How I became a freelance writer - and how you can too!
A pretty huge amount of bloggers will tell you that they want to make this online lark their full-time job and honestly, who can blame them? Although we all know it will be hard work, we all love the idea of being able to work in our PJs and buy all the candles we could possibly want.
For some bloggers, working online means being a Zoella-esque influencer, getting paid to live yo’life and make stuff online. I won’t lie, I would love that (although a much swearier, less classy version of Z-Sugg), but I am also a realist, and am not sure why people would want to listen to me, so I am glad that there are other ways to make money online too. A lot of bloggers tell me they want to “go freelance” but when I ask what they want to do, they’re not sure. That’s a pretty important distinction as you can be a freelance accountant, hairdresser, decorator, artist or dog walker. Freelance isn’t exactly a job in itself, it’s a way of working.
I am lucky enough to have been able to quit a Big Girl job, make a living freelance, and then transition back into full-time work (with freelancing on the side!) in order to get a shweeeet maternity pay deal, with plans to go back fully freelance at some point so I thought I’d write a post explaining how I did it, and hopefully help others see how they can make it work too.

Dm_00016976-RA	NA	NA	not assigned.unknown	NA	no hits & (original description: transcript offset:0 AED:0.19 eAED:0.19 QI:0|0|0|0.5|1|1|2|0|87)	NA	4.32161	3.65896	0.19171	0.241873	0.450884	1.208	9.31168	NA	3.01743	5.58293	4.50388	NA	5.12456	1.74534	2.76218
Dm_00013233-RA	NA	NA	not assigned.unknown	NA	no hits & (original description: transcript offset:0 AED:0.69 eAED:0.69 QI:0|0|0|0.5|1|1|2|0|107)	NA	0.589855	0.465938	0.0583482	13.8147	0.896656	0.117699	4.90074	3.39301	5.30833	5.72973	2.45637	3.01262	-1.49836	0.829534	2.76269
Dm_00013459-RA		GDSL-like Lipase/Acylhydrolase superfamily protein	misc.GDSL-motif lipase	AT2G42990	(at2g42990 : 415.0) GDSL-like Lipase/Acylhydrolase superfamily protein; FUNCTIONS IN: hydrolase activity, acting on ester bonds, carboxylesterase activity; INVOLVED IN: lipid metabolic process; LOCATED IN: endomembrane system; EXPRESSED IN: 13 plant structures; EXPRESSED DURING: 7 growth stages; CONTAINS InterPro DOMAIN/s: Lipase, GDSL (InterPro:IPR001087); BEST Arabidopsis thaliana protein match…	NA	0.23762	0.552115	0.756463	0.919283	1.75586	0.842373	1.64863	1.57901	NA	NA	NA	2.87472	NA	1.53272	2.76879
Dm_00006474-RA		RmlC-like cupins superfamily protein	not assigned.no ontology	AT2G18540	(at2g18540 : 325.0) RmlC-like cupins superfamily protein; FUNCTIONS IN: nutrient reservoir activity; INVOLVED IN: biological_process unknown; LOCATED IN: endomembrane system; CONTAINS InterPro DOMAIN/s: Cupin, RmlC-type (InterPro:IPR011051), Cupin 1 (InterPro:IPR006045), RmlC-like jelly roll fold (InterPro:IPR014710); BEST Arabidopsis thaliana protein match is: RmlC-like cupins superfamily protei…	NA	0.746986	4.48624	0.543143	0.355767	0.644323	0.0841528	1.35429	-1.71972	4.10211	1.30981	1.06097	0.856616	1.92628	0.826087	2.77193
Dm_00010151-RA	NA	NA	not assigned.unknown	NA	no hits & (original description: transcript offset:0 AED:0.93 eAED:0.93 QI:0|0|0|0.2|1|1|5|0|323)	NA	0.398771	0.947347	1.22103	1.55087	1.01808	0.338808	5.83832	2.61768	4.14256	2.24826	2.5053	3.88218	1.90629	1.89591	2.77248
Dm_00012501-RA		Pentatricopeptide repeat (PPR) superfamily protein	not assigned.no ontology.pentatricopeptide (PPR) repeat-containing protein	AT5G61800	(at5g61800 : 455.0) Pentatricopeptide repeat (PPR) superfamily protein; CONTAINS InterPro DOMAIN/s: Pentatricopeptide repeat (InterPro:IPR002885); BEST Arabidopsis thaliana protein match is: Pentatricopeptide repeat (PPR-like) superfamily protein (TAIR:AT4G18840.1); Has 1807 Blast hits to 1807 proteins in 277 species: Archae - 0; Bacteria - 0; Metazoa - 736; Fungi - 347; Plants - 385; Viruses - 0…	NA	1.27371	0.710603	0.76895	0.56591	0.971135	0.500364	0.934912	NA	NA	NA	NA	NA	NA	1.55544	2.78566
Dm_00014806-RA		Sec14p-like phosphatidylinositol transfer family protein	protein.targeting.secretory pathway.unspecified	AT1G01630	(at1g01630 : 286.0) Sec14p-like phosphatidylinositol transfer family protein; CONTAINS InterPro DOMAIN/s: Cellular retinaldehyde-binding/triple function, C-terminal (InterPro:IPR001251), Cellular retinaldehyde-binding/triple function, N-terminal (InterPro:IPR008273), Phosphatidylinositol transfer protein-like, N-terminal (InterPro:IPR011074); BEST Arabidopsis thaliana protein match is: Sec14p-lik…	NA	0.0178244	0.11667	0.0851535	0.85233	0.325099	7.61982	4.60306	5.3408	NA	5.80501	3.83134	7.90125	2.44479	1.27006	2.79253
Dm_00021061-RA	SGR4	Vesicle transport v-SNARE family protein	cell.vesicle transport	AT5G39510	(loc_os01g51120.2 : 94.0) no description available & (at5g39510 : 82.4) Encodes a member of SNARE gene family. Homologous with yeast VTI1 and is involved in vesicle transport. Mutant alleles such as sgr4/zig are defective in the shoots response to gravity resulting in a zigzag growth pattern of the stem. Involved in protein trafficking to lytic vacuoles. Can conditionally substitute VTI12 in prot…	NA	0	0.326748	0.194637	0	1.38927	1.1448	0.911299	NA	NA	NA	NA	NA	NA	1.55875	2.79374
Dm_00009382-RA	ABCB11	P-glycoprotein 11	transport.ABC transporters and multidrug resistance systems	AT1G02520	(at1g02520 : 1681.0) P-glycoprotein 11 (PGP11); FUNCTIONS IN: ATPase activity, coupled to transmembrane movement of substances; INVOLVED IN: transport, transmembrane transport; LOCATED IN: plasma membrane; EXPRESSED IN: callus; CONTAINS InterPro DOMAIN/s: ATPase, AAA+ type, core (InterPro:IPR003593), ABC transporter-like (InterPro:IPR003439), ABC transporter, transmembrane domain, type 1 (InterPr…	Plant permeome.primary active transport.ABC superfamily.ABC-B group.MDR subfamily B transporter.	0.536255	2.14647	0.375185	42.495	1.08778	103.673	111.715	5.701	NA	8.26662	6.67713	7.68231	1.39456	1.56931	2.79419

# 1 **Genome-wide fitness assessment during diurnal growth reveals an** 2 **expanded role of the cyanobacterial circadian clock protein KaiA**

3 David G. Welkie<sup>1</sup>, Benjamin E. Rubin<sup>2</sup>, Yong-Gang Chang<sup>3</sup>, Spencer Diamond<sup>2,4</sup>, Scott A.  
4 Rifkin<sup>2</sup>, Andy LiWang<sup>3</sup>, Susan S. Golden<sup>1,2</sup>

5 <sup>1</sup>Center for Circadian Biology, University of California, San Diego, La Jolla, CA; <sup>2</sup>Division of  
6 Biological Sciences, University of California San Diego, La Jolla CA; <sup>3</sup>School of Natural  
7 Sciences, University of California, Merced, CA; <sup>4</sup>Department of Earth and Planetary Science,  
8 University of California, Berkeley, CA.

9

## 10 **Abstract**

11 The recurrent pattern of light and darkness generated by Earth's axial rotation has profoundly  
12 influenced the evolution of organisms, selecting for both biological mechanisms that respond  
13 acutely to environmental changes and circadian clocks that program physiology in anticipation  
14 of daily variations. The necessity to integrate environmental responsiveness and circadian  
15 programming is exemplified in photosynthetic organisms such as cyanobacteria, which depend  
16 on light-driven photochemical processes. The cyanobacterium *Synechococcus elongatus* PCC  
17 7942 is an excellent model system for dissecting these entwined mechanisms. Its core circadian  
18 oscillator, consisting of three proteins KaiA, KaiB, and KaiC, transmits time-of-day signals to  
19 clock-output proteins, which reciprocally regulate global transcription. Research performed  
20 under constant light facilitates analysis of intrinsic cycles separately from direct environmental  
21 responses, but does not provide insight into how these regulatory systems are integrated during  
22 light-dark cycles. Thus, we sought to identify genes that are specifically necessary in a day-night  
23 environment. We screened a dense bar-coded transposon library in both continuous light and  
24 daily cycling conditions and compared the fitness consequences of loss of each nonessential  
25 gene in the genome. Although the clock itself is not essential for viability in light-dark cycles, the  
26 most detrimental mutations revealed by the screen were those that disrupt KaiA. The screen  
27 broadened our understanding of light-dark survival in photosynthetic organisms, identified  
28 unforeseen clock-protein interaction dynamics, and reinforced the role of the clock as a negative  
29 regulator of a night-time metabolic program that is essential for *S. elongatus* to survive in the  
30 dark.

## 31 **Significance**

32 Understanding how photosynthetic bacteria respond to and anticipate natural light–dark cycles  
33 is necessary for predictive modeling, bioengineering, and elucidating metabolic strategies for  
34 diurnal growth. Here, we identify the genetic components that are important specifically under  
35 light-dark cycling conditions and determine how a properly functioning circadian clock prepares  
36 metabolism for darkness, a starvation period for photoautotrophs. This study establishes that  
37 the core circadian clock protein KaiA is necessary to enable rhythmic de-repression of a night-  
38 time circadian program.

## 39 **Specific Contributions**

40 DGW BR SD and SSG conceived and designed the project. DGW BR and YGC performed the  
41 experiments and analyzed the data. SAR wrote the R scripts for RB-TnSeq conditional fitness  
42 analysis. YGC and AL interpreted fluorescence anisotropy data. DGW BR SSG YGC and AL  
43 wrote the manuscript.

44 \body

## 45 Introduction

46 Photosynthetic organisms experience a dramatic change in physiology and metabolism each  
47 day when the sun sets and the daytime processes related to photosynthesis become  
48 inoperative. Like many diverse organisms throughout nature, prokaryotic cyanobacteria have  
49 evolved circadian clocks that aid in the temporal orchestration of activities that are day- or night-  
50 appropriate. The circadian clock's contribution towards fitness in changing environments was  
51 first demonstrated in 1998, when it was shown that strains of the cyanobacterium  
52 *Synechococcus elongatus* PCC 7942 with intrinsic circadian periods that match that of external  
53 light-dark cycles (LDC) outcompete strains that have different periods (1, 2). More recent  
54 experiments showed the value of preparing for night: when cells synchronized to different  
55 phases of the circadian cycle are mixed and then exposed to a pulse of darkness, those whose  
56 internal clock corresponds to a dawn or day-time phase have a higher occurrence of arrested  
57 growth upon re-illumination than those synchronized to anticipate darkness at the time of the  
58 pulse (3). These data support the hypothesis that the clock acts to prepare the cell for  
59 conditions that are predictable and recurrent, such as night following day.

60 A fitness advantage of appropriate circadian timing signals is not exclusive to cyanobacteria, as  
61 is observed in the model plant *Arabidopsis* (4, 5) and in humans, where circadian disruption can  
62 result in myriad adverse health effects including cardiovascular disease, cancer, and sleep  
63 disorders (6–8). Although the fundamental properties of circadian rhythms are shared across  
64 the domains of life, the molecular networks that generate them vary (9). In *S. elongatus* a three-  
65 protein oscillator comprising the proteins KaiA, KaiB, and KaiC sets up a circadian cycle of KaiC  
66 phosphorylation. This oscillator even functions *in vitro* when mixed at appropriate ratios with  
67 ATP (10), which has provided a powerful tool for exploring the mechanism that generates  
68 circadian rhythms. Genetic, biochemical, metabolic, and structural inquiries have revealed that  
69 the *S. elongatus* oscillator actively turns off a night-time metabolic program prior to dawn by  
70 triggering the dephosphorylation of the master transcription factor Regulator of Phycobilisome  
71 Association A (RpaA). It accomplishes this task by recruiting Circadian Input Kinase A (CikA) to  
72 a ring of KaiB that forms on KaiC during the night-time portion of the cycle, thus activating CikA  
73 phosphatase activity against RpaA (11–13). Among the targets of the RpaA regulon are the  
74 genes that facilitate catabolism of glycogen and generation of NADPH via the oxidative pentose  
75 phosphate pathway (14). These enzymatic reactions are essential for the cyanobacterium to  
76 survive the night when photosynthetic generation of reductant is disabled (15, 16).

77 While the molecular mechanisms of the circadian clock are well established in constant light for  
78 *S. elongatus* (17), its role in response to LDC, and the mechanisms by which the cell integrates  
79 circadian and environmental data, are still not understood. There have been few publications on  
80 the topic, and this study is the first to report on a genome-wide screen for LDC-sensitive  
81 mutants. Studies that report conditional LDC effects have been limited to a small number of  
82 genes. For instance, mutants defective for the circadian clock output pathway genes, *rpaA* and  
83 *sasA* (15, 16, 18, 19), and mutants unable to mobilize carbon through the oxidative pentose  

Okay, so ‘journey’ sounds a little XFactor, but you know what I mean. I’ve been in love with the internet since you could get AOL on free discs at the supermarket, and I wasn’t allowed to use it at home. I’ve also always loved writing and, let’s face it, the sound of my own voice. However, I took Dance and Drama with Design for Performance at Uni (Got a First Class Hons degree thank you very much!), and went on to be Vice President of my Students’ Union. Other jobs at this point ranged from being a Senior Booker for a Children’s Casting Agency, a Barmaid, a Telemarketer, a Charity Fundraiser and a Cleaner at the Travelodge back home. As you can see, I wasn’t quite qualified for the job I got after my VP year, where I became a Digital Marketing Executive at a fancy Manchester agency.
So how did I bridge the gap?
During my VP year, the person who was running the social media for the Union left and got a new job (shout out to Colin!). They didn’t have time to hire anyone and I had experience running a few Facebook pages due to running the Amnesty Society and doing our student media platform comms, and so I asked to give it a go. I really threw myself into it all, trying out different techniques, writing up analytics reports and reading everything I could on the topic. I was a social media nerd.
I realised that this was something I was good at, and that I loved, so I looked around for online courses to take it to the next level. I did an online diploma in digital marketing which cost me around £50 on an offer. I studied like a nerd and passed with flying colours. I knew I wanted to make this my job. So I started looking.